Setting up a subject for interview

Setting up a subject for interview

For the purposes of this course, you will be setting up a subject for video interview three times. The process may seem overwhelming at first, specifically when dealing with the video camera, lavaliere microphone and tripod. It doesn’t have to be.

Step 1: Find a location with little or no background or physical noise

Yes, you’ll be using a microphone. Yes, you can zoom in. But it’s better if you can remove some of the elements of distraction during the interview instead of in post production.

How will you know if there’s too much going on? Open your viewfinder. If the camera is trying too hard to make sense of what’s important, you may want to move somewhere else.

Here’s a look at three interview setups.

Setup #1


This one is nice because the subject doesn’t have a lot of distraction behind him. He does, however, have a road behind him that the viewer can see cars moving on. Note the use of the sky as a natural backdrop.

Setup #2


The videographer here used the taco truck’s leading lines to give this shot more visual depth. But in a way, the chrome is  little overwhelming, particularly when coupled with the reflection from the eye glasses. The use of color, though, is also nice here.

Setup #3


Nature is a great backdrop, except when it takes over a scene. The camera here is trying to read what it should focus on as most important. Note the subject is also wearing sunglasses. If possible, you want to ask your subjects to take off their sunglasses (normal glasses are OK).

All three of these setups are mid-length. Not too close to the subject and not too far. Getting to close to a subject doesn’t leave room for a lower-third, or title bar in post production. Getting too far means the viewer is having to deal with visual distraction while trying to watch the interview.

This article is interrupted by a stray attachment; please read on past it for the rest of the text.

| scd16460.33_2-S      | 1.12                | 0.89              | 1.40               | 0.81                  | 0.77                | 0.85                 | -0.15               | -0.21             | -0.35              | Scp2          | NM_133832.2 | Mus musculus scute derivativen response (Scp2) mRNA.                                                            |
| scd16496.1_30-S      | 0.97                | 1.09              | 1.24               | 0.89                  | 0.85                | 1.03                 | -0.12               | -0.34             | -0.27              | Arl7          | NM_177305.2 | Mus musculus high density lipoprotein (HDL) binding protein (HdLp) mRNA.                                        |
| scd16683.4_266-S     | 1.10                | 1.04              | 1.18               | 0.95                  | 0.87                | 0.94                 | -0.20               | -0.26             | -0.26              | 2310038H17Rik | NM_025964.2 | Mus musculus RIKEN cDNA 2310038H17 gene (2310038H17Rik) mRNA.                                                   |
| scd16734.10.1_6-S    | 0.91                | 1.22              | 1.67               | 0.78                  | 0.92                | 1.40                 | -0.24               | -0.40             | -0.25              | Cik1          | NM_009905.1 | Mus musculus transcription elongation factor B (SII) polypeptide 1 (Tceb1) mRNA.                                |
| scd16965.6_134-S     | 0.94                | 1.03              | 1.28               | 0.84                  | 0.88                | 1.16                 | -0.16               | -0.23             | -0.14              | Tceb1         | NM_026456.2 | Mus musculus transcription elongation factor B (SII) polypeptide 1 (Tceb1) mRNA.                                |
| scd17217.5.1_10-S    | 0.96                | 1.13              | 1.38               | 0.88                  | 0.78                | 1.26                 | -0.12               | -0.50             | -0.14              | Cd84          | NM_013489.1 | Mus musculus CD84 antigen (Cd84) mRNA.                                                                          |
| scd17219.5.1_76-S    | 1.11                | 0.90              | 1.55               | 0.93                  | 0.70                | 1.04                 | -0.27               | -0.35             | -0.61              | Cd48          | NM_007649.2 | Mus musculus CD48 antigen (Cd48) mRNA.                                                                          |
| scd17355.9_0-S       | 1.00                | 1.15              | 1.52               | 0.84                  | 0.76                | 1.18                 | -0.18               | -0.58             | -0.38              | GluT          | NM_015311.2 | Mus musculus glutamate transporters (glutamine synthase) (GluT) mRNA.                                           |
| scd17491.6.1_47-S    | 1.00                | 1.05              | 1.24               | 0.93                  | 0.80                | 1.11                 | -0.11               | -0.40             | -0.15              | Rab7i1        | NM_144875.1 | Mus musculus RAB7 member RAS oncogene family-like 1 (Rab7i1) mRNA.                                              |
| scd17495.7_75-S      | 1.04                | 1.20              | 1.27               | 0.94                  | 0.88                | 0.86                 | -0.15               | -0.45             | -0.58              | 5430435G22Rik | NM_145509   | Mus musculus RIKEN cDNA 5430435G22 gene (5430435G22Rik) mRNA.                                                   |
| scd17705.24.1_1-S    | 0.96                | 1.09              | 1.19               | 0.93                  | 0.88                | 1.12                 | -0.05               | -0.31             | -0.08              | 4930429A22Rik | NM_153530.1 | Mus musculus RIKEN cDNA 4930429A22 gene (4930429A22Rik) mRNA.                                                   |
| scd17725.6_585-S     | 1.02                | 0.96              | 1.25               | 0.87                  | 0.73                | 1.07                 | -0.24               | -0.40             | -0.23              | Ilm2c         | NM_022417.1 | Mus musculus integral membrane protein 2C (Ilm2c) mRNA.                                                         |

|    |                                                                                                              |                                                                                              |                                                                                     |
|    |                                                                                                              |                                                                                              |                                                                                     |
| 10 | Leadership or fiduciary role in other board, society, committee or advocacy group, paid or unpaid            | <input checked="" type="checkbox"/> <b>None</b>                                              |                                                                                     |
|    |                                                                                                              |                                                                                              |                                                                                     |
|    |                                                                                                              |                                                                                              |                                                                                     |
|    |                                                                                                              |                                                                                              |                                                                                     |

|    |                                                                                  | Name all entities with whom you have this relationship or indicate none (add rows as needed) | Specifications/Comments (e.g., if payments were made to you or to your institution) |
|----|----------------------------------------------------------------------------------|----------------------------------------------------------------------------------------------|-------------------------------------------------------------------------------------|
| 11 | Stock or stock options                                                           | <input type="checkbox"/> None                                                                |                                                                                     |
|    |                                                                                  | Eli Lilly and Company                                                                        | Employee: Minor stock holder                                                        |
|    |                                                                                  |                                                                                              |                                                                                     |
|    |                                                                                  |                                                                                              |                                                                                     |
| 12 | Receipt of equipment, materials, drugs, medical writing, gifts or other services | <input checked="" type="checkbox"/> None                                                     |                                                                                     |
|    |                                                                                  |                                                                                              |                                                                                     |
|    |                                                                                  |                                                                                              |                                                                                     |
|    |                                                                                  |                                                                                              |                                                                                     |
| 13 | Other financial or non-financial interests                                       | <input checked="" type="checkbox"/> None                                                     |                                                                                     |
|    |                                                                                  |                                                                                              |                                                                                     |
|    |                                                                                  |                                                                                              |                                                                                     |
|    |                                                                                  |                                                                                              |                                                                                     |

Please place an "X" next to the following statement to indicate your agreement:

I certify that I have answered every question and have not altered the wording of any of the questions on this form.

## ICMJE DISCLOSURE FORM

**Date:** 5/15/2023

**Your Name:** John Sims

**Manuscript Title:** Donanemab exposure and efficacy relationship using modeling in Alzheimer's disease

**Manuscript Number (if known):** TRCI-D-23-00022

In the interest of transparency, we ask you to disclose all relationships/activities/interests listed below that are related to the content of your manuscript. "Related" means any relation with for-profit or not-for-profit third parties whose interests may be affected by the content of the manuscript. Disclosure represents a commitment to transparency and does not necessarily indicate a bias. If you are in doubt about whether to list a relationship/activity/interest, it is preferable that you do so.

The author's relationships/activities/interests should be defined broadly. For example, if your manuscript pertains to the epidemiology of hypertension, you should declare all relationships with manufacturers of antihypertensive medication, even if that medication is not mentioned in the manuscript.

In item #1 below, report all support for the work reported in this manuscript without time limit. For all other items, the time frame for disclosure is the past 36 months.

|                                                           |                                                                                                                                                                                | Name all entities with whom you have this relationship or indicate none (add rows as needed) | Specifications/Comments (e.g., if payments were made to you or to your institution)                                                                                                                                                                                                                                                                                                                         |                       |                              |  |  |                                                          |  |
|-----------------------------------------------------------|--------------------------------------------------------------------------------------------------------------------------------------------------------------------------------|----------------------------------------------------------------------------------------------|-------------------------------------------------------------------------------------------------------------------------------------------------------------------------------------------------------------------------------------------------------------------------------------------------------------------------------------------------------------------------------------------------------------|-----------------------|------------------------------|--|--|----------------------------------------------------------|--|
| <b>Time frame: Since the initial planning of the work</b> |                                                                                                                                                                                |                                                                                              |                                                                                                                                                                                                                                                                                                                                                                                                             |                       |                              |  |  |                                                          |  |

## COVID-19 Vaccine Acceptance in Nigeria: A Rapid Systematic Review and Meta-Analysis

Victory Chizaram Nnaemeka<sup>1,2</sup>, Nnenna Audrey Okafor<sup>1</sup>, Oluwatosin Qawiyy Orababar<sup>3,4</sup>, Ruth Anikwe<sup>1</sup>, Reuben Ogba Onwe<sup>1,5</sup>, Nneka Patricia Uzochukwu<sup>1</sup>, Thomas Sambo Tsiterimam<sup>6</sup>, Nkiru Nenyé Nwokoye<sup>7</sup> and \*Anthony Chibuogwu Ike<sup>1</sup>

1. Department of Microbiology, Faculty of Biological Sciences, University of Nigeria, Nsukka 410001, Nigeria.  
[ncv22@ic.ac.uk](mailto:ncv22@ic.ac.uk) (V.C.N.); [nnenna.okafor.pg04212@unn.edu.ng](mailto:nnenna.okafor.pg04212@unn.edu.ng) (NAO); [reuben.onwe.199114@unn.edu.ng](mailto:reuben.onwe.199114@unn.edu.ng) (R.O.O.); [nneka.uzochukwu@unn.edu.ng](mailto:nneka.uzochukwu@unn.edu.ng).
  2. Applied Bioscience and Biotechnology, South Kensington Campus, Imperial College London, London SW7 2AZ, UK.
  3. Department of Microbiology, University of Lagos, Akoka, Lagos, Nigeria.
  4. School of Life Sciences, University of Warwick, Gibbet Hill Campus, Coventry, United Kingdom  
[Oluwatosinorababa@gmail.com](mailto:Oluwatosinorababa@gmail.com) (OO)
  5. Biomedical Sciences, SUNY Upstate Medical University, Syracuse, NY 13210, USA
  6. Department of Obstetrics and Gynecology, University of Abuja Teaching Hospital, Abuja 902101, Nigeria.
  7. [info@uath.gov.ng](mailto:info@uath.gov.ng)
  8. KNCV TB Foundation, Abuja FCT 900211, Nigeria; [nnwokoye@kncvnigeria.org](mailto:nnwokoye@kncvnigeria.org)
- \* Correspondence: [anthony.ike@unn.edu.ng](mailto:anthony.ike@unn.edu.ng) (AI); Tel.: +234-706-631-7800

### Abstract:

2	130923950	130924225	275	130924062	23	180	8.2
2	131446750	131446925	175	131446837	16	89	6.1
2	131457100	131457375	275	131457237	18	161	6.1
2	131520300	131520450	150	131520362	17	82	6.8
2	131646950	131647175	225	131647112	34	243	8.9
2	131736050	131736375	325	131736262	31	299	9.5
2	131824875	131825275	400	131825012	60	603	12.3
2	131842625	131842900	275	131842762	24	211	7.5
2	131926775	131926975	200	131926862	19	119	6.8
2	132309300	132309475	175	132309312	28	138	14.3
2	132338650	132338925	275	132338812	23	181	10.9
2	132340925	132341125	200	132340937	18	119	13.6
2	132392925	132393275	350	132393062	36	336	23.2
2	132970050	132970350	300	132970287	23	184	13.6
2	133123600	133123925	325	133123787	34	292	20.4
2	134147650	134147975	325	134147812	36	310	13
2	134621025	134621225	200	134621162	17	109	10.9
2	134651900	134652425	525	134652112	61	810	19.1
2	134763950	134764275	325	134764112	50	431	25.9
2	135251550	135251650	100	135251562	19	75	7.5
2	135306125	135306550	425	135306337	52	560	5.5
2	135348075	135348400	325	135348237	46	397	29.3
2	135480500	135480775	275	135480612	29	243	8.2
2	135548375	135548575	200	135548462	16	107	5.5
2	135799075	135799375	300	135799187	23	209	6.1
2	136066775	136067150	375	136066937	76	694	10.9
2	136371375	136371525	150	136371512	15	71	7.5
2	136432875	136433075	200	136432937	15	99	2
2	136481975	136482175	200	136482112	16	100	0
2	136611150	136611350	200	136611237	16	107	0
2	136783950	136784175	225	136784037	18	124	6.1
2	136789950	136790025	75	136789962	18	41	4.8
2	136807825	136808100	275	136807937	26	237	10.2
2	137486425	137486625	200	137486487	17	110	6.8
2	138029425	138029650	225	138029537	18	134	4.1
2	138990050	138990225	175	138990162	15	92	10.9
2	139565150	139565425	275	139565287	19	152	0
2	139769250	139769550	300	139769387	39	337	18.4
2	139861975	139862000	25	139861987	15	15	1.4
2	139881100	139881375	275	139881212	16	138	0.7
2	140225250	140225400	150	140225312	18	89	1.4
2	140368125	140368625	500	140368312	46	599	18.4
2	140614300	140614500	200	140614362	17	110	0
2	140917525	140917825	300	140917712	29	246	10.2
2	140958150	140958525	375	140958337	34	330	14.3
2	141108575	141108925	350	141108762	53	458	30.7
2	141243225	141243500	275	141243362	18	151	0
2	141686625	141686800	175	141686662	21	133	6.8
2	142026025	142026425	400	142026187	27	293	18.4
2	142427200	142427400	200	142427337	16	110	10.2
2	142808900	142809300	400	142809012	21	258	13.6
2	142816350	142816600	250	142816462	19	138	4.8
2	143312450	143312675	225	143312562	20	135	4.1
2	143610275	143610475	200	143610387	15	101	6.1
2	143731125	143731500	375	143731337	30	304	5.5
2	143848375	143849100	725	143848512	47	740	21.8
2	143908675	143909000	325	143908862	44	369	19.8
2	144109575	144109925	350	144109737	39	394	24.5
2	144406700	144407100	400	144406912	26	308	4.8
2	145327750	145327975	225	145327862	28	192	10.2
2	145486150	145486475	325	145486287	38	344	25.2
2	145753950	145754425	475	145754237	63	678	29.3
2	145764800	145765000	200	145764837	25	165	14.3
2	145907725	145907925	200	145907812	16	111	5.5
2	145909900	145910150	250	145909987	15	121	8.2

All three videos are also away from population noise. In Setup #1, you can see the road, but not necessarily hear it. In Setup #2, the videographer waited for the lunch rush to end. In Setup #3, the videographer and subject were on a quiet nature path.

You may not have access to a quiet or distraction free area, but best practices dictate that you attempt to find one.

Step 2: Positioning your subject

Best advice: Avoid the dead eye.

People have a natural tendency to want to look directly into the camera when you interview them. That makes for a very awkward video in replay. Why? People viewing video are not accustom those in the video actually looking at them.

There’s an easy trick to make sure someone doesn’t look at the camera though: Ask them to look at you.

Let’s look at a best-case scenario diagram:

Wide View

Tight View

Just make sure your subject isn’t too close or too far from you. Remember, you want to have a natural conversation when interviewing.
Don’t make these mistakes


DON’T position the camera opposite of where you can see it. Doing so will make likely cause your subject to move out of frame and will make it hard for you to monitor the screen.



DON’T stand too far away from your subject. Remember that you want to be close enough to have a natural conversation. Standing too far away will cause you both to be distracted.


DON’T stand right on top of your subject too. There is such thing as “too close” for comfort. Don’t get that close.

Sitting or standing?
There’s no hard and fast rule about whether your interview subject should be sitting or standing. If you plan on doing an interview longer than 15 minutes, though, it’s probably better to have the subject sit down. Most people will only stand in the same place for 15 minutes before the swaying back and forth gets bad.

If you think the interview will take longer than 15 minutes, find a place to sit down instead of stand up.

Step #3: Tripod alignment

Aim to keep the tripod level with your subject.

The tripod’s used in this course have adjustable legs and an adjustable head. Make sure your tripod is at eye-level with the subject.

If you shoot over a person’s head, it will appear like the viewer is looking down at the person. If you shoot under a person’s head, you might end up shooting their nose hairs instead of their face.